Monday, September 24, 2007
RevGalBookPals--"Good Fences: The Boundaries of Hospitality"
Hello, RevGals and Pals!
Our book for September is Good Fences: The Boundaries of Hospitality, written by Caroline A. Westerhoff. The author, a former senior consultant with the Alban Institute, uses personal recollections and stories of church life to illustrate her thesis that we cannot welcome people into our lives or our churches without having a clear idea of what sets us apart from them.
The book comes with a discussion guide for church groups interested in exploring their own attitudes about and practices around hospitality. I hope you will take a look at them as well as the following questions:
1. My own church is currently seeking ways to live into four areas identified in a visioning process. The first two happened to be Identity and Hospitality. When church members asked for help with Hospitality, I suggested that they needed to be clear about Identity first, and this is Westerhoff's supposition. What is your response to the Boundaries First/Hospitality Second paradigm? Is there more to Identity than Boundaries? Or is there another metaphor that might feel more helpful?
2. How important is the distinction between essentials and non-essentials in your understanding of boundaries?
3. On page 87 of the paperback edition, Westerhoff describes the participation of a group of visiting Buddhist monks who came to the rail for Communion at her church. What was your response to this story and the discussion that took place after? Do we control the eucharist? Are there "levels" of hospitality?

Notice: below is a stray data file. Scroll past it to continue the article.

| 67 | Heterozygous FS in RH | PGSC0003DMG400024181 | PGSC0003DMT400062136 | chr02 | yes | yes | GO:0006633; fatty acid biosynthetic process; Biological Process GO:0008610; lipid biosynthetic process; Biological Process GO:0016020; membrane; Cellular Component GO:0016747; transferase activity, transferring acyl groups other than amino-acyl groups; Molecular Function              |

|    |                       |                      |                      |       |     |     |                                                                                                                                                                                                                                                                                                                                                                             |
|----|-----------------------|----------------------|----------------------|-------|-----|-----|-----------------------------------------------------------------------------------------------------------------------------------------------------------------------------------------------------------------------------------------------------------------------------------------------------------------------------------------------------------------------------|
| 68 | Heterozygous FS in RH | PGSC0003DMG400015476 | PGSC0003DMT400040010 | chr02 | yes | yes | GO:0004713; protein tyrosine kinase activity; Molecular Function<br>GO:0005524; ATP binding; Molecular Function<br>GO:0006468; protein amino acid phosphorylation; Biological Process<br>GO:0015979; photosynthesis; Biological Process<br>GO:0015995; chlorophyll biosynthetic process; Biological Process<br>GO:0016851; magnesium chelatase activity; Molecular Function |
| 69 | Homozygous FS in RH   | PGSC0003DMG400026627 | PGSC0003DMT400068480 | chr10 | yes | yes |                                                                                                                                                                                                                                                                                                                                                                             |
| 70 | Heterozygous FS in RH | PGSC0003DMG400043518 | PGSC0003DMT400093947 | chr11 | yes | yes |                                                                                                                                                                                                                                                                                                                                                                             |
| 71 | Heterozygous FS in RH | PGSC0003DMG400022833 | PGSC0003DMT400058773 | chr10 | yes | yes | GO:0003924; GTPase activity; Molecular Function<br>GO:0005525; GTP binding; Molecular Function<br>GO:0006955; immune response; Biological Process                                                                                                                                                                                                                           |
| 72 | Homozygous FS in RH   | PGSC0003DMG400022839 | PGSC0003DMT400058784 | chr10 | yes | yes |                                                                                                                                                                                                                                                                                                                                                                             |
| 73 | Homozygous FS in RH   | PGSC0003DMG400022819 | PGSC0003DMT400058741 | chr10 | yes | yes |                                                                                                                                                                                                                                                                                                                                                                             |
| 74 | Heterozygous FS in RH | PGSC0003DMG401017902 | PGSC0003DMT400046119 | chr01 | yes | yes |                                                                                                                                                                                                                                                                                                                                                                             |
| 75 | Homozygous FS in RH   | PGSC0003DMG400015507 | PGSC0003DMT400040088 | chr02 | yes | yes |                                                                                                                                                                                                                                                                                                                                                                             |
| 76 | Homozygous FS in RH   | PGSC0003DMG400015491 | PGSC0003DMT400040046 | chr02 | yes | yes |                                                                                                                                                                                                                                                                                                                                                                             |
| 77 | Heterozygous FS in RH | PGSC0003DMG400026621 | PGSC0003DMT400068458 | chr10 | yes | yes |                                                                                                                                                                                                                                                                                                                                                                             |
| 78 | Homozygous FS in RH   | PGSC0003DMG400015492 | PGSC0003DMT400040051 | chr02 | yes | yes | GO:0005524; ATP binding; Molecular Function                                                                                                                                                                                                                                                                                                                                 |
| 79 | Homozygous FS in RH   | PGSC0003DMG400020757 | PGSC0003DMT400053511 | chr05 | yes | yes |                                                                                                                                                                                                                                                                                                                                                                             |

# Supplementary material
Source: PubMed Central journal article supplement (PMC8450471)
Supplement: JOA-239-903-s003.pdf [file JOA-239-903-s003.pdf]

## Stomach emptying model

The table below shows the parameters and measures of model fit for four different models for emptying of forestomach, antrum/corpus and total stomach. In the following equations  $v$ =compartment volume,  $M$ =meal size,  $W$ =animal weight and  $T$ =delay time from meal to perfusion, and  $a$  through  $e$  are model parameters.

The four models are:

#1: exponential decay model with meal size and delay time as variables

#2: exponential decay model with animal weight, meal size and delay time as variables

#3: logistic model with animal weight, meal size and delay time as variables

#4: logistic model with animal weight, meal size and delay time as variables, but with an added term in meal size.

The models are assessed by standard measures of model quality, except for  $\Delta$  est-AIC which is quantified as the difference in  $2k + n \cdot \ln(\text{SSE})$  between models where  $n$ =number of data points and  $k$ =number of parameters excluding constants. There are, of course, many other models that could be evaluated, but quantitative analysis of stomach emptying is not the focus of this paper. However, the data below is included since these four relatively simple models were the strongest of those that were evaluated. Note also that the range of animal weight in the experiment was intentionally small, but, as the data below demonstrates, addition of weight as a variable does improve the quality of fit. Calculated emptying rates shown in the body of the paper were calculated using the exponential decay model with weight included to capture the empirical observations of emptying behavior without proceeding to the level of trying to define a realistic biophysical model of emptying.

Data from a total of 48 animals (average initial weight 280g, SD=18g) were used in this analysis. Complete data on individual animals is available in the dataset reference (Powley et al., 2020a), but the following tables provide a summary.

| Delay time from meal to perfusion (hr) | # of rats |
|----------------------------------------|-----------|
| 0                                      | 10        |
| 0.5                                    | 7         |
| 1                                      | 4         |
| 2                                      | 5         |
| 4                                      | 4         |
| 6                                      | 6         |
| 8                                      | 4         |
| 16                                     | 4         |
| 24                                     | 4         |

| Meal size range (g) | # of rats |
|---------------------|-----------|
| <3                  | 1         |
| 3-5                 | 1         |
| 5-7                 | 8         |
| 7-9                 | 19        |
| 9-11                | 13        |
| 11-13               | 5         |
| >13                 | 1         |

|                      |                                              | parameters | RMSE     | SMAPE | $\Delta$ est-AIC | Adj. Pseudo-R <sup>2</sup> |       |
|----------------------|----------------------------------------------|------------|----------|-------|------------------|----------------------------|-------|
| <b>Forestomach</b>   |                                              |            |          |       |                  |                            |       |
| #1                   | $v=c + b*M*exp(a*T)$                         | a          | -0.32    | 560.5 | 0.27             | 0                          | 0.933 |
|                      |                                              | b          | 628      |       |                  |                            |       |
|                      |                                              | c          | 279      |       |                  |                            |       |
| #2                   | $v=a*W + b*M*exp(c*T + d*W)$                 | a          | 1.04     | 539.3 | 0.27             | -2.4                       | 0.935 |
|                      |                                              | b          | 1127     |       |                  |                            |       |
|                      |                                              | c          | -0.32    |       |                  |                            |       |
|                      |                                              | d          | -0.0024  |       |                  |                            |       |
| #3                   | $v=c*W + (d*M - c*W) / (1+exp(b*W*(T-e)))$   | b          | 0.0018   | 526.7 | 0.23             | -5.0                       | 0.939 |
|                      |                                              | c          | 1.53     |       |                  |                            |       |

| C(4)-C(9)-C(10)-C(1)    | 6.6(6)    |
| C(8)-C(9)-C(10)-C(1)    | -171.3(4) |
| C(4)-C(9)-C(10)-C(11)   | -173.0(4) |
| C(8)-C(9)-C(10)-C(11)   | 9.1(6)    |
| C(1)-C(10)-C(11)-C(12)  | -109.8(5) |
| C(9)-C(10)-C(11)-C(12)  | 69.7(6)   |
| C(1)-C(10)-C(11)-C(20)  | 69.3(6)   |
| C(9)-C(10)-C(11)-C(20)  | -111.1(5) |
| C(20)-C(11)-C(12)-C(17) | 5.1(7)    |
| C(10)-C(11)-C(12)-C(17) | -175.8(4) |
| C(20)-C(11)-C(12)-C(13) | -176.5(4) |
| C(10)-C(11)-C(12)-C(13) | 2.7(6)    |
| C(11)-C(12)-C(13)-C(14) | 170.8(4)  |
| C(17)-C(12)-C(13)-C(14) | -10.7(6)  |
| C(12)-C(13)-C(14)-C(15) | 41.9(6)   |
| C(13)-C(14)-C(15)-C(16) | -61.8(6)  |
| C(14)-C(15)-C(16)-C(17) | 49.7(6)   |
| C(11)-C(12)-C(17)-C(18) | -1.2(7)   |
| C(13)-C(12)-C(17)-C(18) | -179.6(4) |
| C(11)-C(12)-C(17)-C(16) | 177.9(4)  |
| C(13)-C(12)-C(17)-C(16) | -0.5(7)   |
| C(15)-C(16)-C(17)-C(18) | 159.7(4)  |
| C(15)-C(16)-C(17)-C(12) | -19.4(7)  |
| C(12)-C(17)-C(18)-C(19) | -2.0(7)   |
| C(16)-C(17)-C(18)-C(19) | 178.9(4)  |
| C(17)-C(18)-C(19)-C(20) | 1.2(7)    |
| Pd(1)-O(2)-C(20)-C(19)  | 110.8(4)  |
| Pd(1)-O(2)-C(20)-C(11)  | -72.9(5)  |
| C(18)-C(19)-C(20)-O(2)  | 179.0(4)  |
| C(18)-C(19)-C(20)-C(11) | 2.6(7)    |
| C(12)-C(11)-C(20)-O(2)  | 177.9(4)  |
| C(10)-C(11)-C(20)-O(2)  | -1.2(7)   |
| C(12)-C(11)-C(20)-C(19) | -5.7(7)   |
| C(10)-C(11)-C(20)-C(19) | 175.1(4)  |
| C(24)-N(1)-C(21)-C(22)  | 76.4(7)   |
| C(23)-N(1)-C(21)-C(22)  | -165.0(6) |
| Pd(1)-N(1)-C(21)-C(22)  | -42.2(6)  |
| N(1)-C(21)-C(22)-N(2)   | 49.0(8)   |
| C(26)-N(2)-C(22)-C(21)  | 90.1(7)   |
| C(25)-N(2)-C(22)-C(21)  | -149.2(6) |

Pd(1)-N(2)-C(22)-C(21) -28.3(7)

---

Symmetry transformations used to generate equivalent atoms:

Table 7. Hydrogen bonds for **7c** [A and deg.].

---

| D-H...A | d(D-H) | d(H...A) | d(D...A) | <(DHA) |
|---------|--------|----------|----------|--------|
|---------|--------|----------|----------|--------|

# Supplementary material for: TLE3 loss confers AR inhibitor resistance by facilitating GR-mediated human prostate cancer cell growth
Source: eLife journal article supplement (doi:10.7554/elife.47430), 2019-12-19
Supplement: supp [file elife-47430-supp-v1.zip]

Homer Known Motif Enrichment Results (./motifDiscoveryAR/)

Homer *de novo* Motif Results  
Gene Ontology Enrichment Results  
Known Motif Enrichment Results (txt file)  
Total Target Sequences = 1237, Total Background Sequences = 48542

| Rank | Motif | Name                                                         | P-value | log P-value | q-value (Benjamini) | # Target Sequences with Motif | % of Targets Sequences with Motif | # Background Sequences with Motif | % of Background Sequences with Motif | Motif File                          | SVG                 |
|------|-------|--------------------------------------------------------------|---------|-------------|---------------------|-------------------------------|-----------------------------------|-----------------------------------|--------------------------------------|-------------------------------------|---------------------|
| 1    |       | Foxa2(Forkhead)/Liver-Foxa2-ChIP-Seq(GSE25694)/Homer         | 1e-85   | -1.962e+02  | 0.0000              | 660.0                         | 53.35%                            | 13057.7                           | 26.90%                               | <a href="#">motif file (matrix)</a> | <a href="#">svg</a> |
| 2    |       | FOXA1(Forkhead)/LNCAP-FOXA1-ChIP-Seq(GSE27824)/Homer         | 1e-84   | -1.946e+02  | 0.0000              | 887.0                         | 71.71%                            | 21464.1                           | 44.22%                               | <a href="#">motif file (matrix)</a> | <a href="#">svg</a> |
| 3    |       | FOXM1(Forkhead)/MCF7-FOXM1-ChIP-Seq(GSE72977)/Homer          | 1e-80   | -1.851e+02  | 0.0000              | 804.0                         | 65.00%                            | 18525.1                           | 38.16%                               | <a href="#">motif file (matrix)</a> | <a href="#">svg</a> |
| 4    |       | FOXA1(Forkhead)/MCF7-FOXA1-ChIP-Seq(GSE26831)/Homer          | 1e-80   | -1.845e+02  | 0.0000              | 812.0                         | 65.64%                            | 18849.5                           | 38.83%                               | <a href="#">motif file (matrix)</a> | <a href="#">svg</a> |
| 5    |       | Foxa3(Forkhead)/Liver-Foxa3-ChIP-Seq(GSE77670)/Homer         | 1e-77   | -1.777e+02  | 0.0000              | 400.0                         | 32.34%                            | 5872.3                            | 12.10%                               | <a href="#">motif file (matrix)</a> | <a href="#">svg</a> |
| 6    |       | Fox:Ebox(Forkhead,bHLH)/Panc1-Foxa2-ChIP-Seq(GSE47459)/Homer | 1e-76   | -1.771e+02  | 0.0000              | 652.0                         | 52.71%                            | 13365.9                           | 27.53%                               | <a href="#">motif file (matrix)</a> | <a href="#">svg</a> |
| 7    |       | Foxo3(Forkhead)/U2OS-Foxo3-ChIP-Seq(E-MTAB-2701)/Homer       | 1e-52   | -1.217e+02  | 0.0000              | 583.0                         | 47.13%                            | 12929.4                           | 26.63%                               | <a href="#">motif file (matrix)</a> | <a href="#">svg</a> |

4. If you have had a chance to do a unit or more of Clinical Pastoral Education, you have heard a story like the one of page 98. A student feels distressed after baptizing a baby who had already died, conflicted about what baptism means and whether it was appropriate in this case, but also certain that the parents needed pastoral care in this form. How do you respond to this case study? What might you have done in the student's position?
5. The epilogue of the book contains a lengthy story about a church's process in choosing to fence in its property. Please share your reactions.
6. Westerhoff calls on Jesus' self-description as a "narrow gate" in support of her thesis that our boundaries must be clear. Where do you think Jesus would draw his lines?
7. In Chapter 5, Westerhoff refers us to the baptismal covenant as a means to test our boundaries. Does this feel like a helpful tool?
8. Westerhoff admits that others are better-suited than she to certain practices of hospitality. How do you strive to *be* a neighbor in your own neighborhood? What are the challenges of being a neighbor?
I'll share more thoughts in the comments and hope you will do the same.